Image courtesy of: Zimbio
South Africa pace bowler Kagiso Rabada has been cleared to participate in the third Test against Australia in Cape Town after his two-match ban was overturned by Michael Heron, the ICC’s judicial commissioner.
Rabada, who was represented by renowned South African legal advocate Dali Mpofu, appealed against his ban, which stemmed from two separate incidents that occurred during the second Test in Port Elizabeth.
The first incident saw the 22-year-old make shoulder-to-shoulder contact with Australia skipper Steve Smith, while the second was for his celebration after dismissing opening batsman and vice-captain David Warner.
As a result, Rabada was fined 65 percent of his match fee and handed four demerit points.
Rabada only appealed against the incident with Smith, where he was fined 50 percent of his match fee and handed three demerit points.
Following a hearing, which lasted over six hours and was done via video conference, Rabada’s Level 2 charge was downgraded to Level 1, and he was fined just 25 percent of his match fee and given one demerit point.
The change in the charge and sanctions means Rabada is under the limit that equates to an automatic ban, and therefore, he has been cleared to feature in the third Test.
Rabada, Proteas captain Faf du Plessis and South Africa team manager Mohammed Moosajee all took part in the hearing.
In his judgment, Heron was quoted by ESPNcricinfo as saying: “The key issue is whether Mr Rabada made ‘inappropriate and deliberate physical contact’ with Mr Smith. I am not ‘comfortably satisfied’ that Mr Rabada intended to make contact and I therefore find him not guilty of the charge under 2.2.7.
“I am entitled, however, to consider whether the conduct involved constitutes a lower level offence. I consider the conduct was inappropriate, lacked respect for his fellow player and involved non-deliberate and minor contact. The actions contravened the principle that a dismissed batsman should be left alone.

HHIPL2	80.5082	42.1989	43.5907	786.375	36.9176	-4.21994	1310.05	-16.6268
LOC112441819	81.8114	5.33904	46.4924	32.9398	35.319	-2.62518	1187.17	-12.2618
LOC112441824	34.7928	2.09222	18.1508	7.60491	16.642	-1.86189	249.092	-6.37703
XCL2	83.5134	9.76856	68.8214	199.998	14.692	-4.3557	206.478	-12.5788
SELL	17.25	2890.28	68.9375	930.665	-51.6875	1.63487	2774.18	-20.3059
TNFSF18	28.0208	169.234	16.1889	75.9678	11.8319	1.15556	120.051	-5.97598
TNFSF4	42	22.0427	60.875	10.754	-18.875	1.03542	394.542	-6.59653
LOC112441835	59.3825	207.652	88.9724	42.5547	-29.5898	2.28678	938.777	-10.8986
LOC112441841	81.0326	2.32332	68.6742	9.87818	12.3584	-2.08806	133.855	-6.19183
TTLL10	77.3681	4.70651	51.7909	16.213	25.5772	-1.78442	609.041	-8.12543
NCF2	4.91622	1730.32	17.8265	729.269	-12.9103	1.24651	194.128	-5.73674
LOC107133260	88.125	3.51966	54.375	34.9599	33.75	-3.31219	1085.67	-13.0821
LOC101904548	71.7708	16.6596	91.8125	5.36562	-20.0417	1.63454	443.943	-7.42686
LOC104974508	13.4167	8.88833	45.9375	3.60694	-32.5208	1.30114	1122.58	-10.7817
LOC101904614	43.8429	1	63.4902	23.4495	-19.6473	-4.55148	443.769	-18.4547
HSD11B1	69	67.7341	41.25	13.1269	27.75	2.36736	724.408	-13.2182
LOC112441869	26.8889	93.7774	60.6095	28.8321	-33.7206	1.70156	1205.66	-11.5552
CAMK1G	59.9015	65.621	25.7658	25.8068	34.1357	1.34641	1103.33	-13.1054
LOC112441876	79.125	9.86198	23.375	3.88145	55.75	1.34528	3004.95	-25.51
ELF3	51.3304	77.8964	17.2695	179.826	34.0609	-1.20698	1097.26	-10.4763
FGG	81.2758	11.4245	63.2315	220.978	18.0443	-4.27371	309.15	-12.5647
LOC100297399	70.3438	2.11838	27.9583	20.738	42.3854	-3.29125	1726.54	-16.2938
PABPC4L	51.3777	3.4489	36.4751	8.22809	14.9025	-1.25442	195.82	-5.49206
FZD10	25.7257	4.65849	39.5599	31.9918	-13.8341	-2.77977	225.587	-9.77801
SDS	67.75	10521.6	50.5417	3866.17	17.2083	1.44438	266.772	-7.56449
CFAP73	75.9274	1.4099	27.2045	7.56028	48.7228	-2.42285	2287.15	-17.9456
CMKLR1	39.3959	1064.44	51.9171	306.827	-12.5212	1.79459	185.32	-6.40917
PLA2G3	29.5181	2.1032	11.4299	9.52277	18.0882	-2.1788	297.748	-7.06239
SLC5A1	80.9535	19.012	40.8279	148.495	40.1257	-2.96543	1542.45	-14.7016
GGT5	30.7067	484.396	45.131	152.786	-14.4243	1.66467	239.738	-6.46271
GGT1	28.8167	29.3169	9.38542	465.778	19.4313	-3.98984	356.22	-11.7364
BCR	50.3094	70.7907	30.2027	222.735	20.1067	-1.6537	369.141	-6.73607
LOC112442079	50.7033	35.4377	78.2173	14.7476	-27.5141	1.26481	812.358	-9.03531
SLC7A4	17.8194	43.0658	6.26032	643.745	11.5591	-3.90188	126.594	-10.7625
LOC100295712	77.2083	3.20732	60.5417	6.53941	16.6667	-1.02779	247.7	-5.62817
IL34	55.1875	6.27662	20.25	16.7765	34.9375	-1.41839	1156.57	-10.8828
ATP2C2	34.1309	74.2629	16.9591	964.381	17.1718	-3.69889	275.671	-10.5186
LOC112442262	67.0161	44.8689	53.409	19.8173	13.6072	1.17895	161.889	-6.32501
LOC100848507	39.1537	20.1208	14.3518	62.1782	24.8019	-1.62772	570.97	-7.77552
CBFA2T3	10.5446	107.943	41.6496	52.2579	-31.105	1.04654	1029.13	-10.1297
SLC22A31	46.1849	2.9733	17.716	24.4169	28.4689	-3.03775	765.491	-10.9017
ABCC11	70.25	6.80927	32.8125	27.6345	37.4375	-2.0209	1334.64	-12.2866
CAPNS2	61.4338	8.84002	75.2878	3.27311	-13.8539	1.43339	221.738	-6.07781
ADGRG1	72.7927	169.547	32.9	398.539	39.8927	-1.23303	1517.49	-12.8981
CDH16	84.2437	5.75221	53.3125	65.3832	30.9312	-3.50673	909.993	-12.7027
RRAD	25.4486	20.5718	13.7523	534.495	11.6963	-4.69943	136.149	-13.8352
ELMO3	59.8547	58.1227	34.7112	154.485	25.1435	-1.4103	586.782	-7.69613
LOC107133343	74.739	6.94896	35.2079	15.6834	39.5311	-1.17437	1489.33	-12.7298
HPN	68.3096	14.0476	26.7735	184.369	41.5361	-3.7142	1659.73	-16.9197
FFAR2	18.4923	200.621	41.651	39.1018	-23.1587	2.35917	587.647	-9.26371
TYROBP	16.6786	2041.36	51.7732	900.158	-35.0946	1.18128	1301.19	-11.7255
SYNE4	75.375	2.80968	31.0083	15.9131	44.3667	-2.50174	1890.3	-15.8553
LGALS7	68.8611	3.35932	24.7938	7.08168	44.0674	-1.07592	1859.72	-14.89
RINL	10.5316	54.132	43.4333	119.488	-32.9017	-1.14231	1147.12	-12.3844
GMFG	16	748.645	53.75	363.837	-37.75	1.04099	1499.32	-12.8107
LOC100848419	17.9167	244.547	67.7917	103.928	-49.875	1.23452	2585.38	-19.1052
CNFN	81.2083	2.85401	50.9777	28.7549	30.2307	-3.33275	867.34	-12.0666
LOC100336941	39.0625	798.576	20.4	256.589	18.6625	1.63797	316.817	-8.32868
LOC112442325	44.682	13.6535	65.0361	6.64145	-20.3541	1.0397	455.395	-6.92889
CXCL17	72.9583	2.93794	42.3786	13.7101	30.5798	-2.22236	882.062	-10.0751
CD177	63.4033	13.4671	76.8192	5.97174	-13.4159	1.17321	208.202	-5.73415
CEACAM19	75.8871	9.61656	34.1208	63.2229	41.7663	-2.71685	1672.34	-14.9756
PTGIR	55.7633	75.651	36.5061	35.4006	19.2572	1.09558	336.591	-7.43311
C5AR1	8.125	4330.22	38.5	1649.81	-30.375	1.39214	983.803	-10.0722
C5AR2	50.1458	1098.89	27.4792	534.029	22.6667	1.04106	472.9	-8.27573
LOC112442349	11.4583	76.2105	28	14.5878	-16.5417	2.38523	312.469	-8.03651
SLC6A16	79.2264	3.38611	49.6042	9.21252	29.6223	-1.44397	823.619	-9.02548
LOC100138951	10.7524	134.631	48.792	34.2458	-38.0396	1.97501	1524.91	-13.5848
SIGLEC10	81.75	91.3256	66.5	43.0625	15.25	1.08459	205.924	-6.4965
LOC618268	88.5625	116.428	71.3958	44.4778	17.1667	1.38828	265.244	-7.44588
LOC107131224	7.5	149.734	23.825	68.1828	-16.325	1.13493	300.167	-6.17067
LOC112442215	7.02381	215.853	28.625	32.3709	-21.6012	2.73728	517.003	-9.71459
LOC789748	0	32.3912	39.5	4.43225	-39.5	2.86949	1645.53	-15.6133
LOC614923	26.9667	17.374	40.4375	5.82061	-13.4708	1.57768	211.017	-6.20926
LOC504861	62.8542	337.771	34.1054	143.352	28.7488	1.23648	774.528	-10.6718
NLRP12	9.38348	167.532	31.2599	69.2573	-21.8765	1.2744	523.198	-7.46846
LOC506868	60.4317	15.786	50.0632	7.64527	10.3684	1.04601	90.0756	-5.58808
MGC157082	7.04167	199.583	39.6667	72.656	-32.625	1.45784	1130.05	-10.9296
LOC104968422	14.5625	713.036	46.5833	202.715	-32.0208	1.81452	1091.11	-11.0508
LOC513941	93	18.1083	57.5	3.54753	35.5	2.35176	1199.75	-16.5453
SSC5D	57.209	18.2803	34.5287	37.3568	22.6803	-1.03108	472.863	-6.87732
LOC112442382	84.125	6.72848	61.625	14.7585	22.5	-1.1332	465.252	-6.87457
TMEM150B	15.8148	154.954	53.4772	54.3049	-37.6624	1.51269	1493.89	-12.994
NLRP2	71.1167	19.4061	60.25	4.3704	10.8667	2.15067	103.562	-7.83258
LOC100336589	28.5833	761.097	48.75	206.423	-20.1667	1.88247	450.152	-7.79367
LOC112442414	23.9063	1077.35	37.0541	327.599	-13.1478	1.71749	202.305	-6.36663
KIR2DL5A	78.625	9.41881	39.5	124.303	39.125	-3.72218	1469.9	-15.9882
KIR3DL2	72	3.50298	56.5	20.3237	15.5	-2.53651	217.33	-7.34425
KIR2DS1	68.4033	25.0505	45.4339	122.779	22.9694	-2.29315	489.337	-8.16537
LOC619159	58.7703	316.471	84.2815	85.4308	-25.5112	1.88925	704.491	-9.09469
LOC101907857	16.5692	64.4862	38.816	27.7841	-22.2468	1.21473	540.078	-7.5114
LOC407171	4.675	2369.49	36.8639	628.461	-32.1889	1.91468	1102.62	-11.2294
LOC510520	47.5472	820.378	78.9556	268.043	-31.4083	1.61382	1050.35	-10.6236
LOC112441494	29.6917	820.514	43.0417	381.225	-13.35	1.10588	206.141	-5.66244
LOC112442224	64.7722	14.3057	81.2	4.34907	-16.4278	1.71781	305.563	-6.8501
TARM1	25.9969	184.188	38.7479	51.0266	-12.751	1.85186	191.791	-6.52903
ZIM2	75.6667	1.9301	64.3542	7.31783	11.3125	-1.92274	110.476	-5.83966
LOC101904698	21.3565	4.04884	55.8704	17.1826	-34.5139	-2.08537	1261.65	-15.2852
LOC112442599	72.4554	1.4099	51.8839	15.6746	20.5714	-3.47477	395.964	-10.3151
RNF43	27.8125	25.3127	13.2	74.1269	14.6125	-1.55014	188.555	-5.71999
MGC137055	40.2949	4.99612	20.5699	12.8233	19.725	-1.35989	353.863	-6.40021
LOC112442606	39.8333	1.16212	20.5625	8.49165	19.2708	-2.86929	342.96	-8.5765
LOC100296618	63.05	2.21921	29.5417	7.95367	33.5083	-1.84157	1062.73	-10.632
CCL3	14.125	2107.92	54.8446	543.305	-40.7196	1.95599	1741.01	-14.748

“I consider a penalty of the imposition of a fine of 25% of the applicable match fee to be the appropriate penalty for the breach of Article 2.1.1. As a consequence, 1 demerit point accrues. Mr. Rabada will be well aware of the consequences of any further breaches of the code.”
ICC chief executive David Richardson said that the governing body has accepted Heron’s decision and have no intentions of lodging an appeal.
“The ICC wholly accepts today’s decision and I would like to thank Mr. Heron for overseeing the hearing in a short time frame before the next Test starts in South Africa,” he said.
“This is perhaps an opportune moment to remind all players of their responsibilities to maintaining a standard of behaviour which sets a good example to players at all levels of the game, especially the young players. We want to see the game played with skill, passion and respect for the opposition, the match officials and the laws.”
The third Test between South Africa and Australia will get underway on Thursday.